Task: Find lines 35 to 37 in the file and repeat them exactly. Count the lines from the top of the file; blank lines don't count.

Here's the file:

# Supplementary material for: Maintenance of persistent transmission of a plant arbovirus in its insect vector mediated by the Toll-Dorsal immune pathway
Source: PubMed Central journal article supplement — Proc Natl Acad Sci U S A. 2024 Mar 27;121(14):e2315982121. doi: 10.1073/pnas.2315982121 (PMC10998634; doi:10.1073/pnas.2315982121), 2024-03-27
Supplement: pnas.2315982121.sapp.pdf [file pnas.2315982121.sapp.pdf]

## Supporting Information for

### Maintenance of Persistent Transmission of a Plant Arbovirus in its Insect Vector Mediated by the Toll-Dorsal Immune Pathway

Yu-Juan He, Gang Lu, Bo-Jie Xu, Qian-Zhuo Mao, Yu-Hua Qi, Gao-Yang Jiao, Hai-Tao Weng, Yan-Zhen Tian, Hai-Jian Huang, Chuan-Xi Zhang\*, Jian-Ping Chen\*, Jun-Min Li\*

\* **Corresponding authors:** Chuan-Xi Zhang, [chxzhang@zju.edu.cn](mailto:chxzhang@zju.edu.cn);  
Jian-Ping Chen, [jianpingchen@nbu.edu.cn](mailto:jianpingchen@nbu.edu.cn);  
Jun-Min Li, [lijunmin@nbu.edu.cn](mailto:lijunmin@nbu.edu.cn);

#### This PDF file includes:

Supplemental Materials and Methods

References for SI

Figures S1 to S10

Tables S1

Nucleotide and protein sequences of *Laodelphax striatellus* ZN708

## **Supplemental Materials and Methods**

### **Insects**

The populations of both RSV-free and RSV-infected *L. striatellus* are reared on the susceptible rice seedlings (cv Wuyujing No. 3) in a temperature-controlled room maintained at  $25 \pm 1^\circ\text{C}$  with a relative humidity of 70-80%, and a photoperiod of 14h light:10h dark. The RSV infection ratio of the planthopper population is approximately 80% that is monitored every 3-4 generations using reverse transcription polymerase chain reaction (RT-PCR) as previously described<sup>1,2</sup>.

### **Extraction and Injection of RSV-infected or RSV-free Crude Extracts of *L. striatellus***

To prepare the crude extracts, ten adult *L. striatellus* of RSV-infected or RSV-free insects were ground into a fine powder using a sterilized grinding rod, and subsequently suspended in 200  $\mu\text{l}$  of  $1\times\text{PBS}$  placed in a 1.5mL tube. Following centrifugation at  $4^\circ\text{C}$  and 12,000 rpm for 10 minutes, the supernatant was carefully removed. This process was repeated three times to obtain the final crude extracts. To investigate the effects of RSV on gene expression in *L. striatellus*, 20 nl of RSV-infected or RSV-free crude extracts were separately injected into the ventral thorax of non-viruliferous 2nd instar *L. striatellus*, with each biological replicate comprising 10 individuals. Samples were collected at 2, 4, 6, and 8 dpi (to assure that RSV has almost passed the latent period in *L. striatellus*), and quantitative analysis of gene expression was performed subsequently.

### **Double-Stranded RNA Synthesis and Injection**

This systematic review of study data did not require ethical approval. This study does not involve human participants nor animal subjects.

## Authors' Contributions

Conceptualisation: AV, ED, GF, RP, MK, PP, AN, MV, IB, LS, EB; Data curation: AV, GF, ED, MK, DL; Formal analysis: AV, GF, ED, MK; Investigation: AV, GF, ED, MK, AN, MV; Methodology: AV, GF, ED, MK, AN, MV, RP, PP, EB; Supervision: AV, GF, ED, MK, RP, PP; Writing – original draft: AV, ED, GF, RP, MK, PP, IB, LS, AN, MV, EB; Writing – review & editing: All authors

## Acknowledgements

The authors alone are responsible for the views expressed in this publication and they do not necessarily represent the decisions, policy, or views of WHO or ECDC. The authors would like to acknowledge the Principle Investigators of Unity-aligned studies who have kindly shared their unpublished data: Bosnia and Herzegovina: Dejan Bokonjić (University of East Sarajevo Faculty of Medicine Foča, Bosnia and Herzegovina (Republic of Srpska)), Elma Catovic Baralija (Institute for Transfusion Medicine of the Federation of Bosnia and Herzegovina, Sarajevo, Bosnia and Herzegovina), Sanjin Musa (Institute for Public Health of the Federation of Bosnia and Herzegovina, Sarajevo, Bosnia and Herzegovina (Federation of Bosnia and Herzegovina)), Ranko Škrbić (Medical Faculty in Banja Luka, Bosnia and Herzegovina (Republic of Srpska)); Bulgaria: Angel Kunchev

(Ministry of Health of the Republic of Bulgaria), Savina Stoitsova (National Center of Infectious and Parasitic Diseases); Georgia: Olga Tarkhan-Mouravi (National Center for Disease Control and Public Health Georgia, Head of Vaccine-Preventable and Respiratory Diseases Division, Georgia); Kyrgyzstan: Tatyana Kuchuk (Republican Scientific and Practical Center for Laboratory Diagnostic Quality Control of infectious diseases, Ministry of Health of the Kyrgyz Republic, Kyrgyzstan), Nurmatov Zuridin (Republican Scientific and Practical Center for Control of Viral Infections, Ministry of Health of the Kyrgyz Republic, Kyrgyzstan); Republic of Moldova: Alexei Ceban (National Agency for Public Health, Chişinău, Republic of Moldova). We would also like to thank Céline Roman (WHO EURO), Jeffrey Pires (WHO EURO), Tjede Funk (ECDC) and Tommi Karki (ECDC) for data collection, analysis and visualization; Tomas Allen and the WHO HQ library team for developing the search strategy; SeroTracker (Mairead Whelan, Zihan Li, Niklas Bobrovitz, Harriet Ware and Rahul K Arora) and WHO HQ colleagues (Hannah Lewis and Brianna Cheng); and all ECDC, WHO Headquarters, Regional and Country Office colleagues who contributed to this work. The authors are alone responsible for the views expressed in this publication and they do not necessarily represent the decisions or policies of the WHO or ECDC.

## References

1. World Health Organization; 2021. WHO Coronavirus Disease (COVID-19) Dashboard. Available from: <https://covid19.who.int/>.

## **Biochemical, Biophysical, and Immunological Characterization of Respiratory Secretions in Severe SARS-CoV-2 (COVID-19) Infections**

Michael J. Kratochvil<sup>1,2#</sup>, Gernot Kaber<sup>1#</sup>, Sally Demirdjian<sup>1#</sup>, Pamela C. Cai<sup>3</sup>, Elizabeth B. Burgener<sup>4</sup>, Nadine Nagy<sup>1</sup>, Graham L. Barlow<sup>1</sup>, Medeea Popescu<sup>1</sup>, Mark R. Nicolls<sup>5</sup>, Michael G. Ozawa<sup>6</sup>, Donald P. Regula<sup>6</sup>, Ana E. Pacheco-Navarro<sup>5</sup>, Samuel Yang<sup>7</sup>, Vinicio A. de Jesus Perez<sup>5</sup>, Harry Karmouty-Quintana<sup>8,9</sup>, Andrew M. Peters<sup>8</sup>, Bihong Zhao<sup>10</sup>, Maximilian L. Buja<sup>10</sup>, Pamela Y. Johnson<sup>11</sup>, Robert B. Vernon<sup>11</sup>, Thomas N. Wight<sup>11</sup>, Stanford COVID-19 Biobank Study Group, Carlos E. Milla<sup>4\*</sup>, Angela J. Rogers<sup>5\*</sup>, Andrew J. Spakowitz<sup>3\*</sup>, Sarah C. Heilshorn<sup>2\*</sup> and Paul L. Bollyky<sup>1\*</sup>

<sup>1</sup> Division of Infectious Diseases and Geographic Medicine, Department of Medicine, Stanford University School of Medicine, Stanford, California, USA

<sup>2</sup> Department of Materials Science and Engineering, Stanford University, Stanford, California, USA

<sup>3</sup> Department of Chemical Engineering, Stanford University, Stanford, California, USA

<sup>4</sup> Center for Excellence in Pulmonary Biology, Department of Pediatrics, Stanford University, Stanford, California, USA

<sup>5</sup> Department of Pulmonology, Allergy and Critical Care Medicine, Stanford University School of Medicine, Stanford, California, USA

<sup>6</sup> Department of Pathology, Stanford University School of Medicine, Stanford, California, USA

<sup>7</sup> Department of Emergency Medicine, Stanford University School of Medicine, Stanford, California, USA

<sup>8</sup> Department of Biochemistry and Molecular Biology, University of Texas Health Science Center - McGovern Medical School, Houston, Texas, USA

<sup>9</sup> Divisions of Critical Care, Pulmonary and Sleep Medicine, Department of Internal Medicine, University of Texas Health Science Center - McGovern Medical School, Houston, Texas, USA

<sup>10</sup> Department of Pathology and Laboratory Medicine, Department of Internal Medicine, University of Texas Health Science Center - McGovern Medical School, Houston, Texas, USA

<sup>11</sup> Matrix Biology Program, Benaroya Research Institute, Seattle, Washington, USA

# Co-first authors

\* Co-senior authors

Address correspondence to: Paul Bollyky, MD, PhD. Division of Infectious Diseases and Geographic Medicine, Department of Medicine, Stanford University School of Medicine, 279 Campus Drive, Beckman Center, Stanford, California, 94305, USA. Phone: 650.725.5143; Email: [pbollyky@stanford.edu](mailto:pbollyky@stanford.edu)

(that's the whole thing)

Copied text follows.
<sup>4</sup> Center for Excellence in Pulmonary Biology, Department of Pediatrics, Stanford University, Stanford, California, USA

<sup>5</sup> Department of Pulmonology, Allergy and Critical Care Medicine, Stanford University School of Medicine, Stanford, California, USA

<sup>6</sup> Department of Pathology, Stanford University School of Medicine, Stanford, California, USA